Lately I’ve been trying to figure out what it takes to be successful as a jewellery retailer or independent designer today—particularly in the U.S.
Many independent retailers have complained that business is in decline. Family owned jewellers continue to close their doors in US at a rapid pace, partly due to slowing sales, but also because the demands of the job are too much for small operators (eCommerce, social media marketing, specifying inventory) and partly due because children want to do something else with their lives.
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Meanwhile, independent designers, who I have the most contact with, have their own issues. Whether they work with independent retailers or luxury department store chains they complain that the cost and difficulty of doing business with them has become onerous. They have to provide their pieces on memo and deal with all marketing costs. The cost of quality gems and equipment is also rising so these designers have to learn to be more resourcing when buying and producing product.
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These are not new complaints. But with the lack of stability in the global economy and the changing buying habits of consumers, it just exacerbates the situation.
Despite these issues there are those who are doing well and there are some reasons why this is the case.
Being big seems to help … a lot. Once Signet Jewellers purchased Zale Corp., it became by far the largest specialty retail jeweller in the U.S. with 1,400 locations serving low, middle and upper market consumers. This size brings a lot of advantages. It has leverage when negotiating prices with manufacturers because of the volume they buy. It can eliminate redundancies and use technology to further increase efficiencies when managing inventories.
While the above advantages control operating costs, the most important advantage, I think, is the ability to spend on marketing and advertising. This is what helps to increase sales.
For example, as I previously wrote, Signet’s “Ever Us” two-diamond ring promotion that was used for several of the company’s brands, including Kay, Zale and Jared in the US, was the biggest new launch in the company’s history—doing well in all the stores that carried the program.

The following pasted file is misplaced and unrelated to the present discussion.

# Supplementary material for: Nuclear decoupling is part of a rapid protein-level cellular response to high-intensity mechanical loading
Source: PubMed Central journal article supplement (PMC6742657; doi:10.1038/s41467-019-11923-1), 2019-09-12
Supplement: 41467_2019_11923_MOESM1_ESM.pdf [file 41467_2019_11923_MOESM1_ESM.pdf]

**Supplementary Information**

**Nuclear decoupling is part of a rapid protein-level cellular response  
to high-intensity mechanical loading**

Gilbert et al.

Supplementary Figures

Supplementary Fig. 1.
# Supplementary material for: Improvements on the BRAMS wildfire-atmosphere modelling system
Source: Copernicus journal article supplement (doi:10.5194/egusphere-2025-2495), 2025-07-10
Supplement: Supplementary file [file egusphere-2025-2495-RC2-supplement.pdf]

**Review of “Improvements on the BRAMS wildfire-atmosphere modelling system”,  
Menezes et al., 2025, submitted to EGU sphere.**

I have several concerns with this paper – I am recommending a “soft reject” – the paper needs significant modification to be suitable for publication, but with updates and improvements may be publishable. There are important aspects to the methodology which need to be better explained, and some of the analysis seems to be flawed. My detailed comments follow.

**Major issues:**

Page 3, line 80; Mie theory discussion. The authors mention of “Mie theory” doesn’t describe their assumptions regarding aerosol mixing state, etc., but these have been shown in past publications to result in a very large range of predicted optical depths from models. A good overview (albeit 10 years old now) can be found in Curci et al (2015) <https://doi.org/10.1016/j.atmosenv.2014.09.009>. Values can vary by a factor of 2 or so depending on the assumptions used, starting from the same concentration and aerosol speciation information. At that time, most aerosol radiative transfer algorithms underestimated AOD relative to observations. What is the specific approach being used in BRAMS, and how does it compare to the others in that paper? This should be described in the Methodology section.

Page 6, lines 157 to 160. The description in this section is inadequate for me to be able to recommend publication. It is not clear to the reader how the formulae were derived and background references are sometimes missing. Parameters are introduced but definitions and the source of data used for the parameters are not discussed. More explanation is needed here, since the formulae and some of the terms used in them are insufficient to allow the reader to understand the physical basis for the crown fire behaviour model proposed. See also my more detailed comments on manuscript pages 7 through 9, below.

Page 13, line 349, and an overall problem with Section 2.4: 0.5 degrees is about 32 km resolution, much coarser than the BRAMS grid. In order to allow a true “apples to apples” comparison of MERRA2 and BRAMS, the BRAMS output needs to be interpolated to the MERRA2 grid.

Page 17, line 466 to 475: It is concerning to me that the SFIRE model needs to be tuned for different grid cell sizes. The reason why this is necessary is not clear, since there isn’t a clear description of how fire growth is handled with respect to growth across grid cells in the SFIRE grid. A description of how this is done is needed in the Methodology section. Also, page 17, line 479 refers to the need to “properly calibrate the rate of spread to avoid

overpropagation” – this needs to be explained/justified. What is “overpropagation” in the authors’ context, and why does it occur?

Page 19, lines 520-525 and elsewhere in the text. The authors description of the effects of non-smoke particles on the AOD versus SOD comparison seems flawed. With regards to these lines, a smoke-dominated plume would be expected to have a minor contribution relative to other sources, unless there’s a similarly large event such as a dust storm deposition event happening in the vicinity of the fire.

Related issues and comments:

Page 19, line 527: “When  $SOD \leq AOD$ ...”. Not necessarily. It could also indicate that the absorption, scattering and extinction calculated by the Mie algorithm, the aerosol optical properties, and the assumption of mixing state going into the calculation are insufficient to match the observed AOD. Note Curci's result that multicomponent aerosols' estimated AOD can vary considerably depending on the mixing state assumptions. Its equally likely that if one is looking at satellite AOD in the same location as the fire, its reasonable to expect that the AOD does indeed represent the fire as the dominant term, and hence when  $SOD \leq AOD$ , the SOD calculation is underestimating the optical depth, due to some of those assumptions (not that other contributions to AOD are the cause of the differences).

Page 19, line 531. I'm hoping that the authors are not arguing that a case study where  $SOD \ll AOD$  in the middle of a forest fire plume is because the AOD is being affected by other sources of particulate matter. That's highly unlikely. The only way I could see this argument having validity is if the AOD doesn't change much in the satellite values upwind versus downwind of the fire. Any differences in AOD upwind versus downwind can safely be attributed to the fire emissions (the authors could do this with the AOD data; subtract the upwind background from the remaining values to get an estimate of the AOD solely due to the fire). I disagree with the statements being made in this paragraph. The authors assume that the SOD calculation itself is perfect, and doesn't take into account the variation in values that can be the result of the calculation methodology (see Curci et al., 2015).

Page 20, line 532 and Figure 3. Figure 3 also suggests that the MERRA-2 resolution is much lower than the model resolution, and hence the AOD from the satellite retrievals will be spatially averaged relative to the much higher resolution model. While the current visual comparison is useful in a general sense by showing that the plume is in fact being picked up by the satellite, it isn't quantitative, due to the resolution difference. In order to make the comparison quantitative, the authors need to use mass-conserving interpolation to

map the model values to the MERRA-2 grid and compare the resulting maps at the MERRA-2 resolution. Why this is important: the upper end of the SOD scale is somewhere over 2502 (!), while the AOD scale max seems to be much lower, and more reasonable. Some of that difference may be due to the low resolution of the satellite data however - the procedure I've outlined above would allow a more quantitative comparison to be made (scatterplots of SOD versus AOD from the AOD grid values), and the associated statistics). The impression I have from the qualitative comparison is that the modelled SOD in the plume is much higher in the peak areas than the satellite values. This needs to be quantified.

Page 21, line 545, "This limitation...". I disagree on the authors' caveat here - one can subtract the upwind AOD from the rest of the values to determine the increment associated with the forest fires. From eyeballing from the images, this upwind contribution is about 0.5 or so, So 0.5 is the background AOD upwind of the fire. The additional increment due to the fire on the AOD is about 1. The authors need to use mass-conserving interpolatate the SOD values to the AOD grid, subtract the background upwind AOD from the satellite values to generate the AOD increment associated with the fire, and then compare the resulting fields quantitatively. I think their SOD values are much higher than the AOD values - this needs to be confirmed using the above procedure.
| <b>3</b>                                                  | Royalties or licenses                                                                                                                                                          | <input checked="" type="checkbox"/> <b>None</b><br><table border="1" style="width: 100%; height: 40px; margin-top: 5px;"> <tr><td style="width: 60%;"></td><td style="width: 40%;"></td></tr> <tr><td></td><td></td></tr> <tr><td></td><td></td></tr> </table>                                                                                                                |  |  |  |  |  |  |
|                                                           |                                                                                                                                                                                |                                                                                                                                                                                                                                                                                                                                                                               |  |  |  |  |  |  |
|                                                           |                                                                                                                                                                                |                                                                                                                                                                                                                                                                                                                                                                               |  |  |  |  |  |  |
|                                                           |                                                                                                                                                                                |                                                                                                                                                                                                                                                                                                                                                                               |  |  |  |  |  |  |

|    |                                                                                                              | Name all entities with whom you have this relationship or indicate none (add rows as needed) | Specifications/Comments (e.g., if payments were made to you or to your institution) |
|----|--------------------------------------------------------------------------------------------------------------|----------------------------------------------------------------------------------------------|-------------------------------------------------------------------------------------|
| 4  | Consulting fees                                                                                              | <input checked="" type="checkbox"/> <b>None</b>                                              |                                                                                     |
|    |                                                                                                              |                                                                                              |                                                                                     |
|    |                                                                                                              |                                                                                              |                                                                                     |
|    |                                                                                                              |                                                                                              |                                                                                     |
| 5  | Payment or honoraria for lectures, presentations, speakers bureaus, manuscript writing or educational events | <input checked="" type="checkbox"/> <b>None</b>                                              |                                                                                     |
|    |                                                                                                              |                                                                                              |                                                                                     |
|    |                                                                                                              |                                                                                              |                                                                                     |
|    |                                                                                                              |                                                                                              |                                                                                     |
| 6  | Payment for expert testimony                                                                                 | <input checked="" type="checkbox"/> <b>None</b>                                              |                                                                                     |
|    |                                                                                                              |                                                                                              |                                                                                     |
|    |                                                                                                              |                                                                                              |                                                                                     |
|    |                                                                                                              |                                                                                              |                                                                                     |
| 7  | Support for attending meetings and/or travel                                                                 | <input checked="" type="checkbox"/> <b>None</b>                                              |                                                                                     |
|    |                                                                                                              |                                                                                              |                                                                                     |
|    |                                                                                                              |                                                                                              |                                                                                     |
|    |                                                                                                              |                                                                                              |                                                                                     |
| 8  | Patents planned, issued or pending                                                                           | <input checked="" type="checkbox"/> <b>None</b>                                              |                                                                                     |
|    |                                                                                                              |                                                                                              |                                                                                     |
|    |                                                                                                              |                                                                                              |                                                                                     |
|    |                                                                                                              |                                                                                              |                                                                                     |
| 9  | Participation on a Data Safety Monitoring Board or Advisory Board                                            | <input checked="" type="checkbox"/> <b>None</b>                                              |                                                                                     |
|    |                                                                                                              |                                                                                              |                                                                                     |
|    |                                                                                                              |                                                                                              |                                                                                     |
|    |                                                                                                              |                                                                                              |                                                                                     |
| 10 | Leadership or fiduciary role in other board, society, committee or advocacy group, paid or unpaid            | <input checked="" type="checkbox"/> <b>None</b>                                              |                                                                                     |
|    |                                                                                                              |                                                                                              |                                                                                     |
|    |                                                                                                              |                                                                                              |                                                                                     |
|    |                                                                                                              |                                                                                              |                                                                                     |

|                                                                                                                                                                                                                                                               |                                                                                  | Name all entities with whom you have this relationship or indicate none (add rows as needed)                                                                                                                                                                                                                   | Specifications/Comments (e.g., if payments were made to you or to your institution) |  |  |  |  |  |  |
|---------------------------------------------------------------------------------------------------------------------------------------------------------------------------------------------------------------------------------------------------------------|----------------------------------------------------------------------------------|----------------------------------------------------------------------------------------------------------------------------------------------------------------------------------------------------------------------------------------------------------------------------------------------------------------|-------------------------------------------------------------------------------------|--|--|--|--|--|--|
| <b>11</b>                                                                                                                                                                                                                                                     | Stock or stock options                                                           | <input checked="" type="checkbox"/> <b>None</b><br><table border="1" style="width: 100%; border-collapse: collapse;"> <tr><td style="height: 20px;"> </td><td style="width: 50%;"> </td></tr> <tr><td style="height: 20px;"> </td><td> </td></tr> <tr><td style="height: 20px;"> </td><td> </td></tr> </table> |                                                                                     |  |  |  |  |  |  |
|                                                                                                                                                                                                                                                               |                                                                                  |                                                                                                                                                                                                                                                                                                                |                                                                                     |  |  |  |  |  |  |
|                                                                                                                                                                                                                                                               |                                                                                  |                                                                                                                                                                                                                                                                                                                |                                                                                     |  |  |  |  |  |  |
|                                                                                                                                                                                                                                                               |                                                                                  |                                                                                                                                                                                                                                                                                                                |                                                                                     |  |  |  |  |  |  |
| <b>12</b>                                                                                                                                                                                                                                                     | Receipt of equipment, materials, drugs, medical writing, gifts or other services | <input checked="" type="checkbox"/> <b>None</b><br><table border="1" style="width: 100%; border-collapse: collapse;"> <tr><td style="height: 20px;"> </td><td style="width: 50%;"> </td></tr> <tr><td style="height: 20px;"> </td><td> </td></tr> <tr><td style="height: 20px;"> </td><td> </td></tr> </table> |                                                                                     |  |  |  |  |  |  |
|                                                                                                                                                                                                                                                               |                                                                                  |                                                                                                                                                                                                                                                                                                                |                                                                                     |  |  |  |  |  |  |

Most importantly, it crosses over gift giving categories so it’s a promotion that can be used year round. It is one of many promotions, including celebrity partnerships and diamond branding, used by Signet for its retail brands.
Independents and regional chains who try to compete with Signet on the same level will find it an uphill climb. The way independent jewellers can distinguish themselves is with specifying product that is unique and unusual.
This is where designer brands come in. But jewellers are looking for a sure thing. Those designers who started their business in 1980s and 1990s and have strong brand recognition are doing well. Those who are newer have a much more difficult time convincing retailers to carry their product. Several established designers told me they said they couldn’t make it if they started now.
I don’t know if I have the answers but retailers who are struggling have to do something different than what they are used to doing. That includes taking on new designers and promoting them.
Designers who have difficulties selling their work to retail jewellers also need to look at selling directly to the consumer.